Transforming the city’s criminal justice system has a price.
Overtime at the Department of Probation grew nearly 600% in just six years as the city moves to reduce its jail population and implement criminal justice reforms.
The city shelled out $3.2 million in OT for probation employees last fiscal year, six times what the agency spent in 2014, when overtime cost just under $462,911, according to a Daily News analysis of payroll records.
Officials attributed the dramatic increase to Mayor de Blasio’s efforts to decrease the inmate population at city jails and eventually close Rikers Island. Recent state legislation raising the age of criminal responsibility to 18 years old is also to blame.
Dalvanie Powell, president of the United Probation Officers Association, was shocked to to hear overtime had increased so much, though she said the city is relying more on her members.
“They’re trying to keep people in the community more and reduce mass incarceration, so they lean on us much more,” Powell said.
Legislation passed by the state this year eliminating cash bail is the majority of criminal cases could also boost overtime pay.
“When you talk about criminal justice reform, everything my members do is that," Powell said. "Instead of getting sentenced to a criminal justice facility, people get sentenced to probation.”
The probation department supervises convict people whom a judge believes can avoid prison or jail, cutting down the number of inmates significantly adds to the agency’s workload.
The city’s average inmate population plummeted from 10,240 in 2015 to 7,938 last fiscal year, records show.
De Blasio has moved to close Rikers Island by 2026, replacing the troubled complex with four smaller borough-based jails that will cost about $8.7 billion.
Closing Rikers is possible in part because the NYPD is arresting fewer people – which caused an 18% decrease in adult and juvenile pre-sentence investigations conducted by probation workers.
The department’s caseload also dropped from 55,000 in 2014 to 50,000 last fiscal year, when the number of probation officers grew from 518 to 631.
But overtime still increased.
The city said this was partially because the department’s intel unit’s enforcement grew 17%. Overtime costs also include collective bargaining increase that wasn’t reflected in past years.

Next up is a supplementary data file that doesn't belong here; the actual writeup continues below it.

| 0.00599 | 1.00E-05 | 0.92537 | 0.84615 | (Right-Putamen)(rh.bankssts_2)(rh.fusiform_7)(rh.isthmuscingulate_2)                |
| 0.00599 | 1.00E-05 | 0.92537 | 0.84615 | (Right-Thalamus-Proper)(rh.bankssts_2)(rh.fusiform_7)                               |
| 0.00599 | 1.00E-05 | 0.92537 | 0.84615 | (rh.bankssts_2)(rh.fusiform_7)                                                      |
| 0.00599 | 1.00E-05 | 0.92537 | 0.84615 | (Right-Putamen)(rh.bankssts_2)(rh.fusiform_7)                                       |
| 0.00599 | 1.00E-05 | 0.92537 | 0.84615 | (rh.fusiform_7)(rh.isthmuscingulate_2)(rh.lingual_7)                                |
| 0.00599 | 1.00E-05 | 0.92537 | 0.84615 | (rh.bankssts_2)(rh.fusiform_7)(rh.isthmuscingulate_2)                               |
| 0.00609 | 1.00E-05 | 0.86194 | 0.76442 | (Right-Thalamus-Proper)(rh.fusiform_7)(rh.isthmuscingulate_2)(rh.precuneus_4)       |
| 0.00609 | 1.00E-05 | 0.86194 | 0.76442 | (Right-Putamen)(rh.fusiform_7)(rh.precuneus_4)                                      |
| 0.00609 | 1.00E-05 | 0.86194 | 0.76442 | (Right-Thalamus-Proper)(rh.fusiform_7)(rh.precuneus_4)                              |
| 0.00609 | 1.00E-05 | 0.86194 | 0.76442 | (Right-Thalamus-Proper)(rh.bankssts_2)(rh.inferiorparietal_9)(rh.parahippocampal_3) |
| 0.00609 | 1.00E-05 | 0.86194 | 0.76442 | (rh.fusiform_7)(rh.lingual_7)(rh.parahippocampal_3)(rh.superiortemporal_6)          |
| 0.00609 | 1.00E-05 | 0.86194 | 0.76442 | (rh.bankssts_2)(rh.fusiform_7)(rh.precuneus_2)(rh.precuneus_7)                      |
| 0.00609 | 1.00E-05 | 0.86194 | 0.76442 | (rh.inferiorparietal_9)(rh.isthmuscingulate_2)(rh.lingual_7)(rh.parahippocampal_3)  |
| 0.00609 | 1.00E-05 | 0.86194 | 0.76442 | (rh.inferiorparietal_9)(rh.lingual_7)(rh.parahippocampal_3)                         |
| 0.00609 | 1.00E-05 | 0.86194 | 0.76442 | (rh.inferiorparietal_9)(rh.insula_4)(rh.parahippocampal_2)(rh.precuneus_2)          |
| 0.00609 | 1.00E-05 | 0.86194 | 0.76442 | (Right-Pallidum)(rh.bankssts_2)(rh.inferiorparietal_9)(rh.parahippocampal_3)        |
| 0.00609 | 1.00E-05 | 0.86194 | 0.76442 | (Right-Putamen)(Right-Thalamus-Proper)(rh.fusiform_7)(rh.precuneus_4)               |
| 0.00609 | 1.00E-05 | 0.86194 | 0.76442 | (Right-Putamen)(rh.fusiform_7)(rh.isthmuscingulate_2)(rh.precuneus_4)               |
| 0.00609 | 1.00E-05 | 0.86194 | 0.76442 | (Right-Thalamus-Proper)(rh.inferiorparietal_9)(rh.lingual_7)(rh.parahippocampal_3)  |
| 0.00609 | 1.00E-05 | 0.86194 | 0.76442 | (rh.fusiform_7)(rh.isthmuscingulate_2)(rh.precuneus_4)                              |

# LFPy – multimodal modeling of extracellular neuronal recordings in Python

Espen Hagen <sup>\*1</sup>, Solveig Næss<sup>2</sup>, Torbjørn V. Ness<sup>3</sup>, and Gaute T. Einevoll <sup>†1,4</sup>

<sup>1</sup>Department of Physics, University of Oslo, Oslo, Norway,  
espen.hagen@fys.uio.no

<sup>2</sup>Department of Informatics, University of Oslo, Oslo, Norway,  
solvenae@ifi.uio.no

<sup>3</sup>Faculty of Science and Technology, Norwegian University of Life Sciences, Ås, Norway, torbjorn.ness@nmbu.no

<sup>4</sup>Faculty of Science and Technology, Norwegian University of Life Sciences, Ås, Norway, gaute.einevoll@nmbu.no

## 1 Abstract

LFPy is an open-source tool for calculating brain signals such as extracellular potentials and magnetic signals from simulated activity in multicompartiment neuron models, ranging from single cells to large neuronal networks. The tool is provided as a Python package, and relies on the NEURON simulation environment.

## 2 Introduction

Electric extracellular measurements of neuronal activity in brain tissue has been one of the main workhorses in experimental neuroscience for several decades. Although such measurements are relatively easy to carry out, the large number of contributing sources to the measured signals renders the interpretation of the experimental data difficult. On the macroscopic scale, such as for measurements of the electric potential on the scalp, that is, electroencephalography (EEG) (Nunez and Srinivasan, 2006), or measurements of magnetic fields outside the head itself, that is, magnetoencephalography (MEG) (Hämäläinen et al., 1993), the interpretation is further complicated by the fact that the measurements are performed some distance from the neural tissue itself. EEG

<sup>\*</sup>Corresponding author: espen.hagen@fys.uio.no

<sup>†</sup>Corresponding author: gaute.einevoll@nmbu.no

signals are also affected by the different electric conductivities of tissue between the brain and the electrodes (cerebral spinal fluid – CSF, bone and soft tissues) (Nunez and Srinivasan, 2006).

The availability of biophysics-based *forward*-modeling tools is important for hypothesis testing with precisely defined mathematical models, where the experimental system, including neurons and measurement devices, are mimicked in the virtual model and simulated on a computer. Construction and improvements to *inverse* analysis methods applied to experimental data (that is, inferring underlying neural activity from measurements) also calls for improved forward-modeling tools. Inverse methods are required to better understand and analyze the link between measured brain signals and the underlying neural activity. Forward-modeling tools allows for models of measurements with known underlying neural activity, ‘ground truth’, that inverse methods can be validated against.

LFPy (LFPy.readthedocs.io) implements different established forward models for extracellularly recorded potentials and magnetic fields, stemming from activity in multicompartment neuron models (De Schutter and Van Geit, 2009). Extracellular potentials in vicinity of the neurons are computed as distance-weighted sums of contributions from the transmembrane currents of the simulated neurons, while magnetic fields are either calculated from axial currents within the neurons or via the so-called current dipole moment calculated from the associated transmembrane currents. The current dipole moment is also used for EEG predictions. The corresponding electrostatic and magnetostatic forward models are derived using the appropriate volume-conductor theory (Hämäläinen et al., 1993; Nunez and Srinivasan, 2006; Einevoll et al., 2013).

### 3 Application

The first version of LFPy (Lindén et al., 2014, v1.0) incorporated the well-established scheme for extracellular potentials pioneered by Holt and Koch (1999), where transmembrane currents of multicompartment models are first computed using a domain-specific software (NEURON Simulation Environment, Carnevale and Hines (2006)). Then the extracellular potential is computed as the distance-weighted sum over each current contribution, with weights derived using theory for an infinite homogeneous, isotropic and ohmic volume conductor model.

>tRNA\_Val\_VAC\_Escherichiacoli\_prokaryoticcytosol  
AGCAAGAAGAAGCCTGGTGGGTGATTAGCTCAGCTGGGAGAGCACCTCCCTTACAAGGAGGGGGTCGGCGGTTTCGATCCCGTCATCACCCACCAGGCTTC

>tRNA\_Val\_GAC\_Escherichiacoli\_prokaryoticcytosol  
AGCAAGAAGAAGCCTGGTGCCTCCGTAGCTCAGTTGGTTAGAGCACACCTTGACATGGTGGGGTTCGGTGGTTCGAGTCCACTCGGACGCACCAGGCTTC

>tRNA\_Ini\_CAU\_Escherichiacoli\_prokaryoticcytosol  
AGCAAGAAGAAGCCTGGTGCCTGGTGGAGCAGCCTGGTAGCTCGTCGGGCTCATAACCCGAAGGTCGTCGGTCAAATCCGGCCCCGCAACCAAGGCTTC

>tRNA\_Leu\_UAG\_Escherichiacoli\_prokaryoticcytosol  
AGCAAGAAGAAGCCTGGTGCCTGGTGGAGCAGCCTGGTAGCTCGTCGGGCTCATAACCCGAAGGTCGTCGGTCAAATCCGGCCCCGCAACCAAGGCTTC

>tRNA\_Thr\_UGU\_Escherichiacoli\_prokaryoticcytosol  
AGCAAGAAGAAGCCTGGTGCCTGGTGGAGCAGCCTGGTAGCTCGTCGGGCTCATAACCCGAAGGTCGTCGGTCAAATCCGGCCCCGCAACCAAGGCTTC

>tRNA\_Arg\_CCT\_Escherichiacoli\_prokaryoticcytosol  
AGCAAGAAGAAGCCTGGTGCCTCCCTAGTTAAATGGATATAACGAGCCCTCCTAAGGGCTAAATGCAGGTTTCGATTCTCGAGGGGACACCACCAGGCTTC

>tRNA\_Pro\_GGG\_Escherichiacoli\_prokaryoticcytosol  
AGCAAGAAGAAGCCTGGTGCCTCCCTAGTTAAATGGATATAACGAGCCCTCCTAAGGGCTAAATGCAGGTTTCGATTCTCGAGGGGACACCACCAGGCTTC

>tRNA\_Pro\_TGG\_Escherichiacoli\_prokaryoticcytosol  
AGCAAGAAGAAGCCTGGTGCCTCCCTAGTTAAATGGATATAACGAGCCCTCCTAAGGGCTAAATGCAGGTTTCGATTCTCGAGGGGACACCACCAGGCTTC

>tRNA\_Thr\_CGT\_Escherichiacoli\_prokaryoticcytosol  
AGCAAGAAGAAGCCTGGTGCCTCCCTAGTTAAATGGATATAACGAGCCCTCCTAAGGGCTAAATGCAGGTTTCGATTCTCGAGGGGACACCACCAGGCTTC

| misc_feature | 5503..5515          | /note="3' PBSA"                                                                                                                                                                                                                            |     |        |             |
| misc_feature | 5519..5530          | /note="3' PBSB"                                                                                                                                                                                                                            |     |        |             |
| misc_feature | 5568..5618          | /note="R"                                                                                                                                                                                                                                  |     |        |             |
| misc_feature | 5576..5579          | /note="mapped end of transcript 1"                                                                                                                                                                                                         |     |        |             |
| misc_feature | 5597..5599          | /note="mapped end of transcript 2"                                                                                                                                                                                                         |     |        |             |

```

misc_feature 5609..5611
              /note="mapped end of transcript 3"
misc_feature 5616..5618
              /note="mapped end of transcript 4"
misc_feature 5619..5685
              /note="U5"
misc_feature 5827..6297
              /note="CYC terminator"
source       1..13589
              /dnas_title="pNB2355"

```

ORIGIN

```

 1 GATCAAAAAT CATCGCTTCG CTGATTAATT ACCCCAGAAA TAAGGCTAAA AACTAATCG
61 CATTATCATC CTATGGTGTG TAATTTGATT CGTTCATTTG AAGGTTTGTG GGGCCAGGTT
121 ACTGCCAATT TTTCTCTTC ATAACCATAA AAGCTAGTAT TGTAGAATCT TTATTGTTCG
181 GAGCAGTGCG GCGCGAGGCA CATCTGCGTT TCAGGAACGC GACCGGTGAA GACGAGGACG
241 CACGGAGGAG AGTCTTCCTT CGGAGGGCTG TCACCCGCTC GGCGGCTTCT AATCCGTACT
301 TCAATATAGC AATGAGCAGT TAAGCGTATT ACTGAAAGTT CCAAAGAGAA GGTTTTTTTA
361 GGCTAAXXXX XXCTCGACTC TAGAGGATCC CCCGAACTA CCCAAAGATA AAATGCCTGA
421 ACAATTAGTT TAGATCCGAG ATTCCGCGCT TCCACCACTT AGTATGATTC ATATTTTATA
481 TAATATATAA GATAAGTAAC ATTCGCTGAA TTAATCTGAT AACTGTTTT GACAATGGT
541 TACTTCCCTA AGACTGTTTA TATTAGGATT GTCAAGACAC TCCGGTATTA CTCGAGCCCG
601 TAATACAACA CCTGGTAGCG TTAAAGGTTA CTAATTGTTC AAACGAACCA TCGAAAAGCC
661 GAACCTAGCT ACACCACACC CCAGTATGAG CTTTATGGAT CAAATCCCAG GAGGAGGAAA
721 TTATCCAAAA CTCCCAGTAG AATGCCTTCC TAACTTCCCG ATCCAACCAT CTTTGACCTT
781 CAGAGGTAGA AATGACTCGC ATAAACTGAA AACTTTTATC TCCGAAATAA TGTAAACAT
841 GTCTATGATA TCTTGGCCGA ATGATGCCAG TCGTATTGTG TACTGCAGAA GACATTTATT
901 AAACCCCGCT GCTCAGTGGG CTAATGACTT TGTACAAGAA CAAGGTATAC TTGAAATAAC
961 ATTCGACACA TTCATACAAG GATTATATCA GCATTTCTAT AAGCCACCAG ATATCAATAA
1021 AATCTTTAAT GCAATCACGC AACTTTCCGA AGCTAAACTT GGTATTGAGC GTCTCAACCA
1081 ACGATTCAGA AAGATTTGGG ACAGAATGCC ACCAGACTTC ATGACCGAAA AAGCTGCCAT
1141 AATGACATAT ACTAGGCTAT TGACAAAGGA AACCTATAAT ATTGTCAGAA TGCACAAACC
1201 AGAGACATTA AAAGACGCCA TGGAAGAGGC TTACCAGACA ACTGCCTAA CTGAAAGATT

A larger percentage of people on probation were also assessed with a higher risk level and charge severity.
“The Department’s use of overtime, all of which is within our allocated budget, is a necessary tool in achieving groundbreaking criminal justice reforms like Raise the Age, and maintaining New York City’s status as the least incarcerated and safest big city in the country,” probation spokeswoman Candace Sandy said.
The “Raise the Age” legislation amended laws that automatically processed 16- and 17-year-olds as adults, diverting most juvenile cases to Family Court and judges with
“It has a significant impact on my members’ work schedules,” probation union leader Powell said.
The law went into effect for 16-year-olds in October 2018, adding more youth to the Department of Probation’s intake, investigations and supervision caseloads. Next month, 17-year-olds will also be covered by the changes, too.
The Department of Probation processed 4,406 juvenile intakes last fiscal year, a 19% increase since 2018, according to city records. The number of initial youth assessments increased 39% during that time, to 1,905 last fiscal year.
Councilman Keith Powers, who chairs the Criminal Justice Committee, said he’ll be working with the department to understand and address the massive overtime increase.
“Even as the city pursues important changes to the criminal justice system, it is important that we control costs, including overtime,” Powers (D-Manhattan) said.
The city pointed out the successful probation completion rate increased to 78% last year, from 59% in 2014.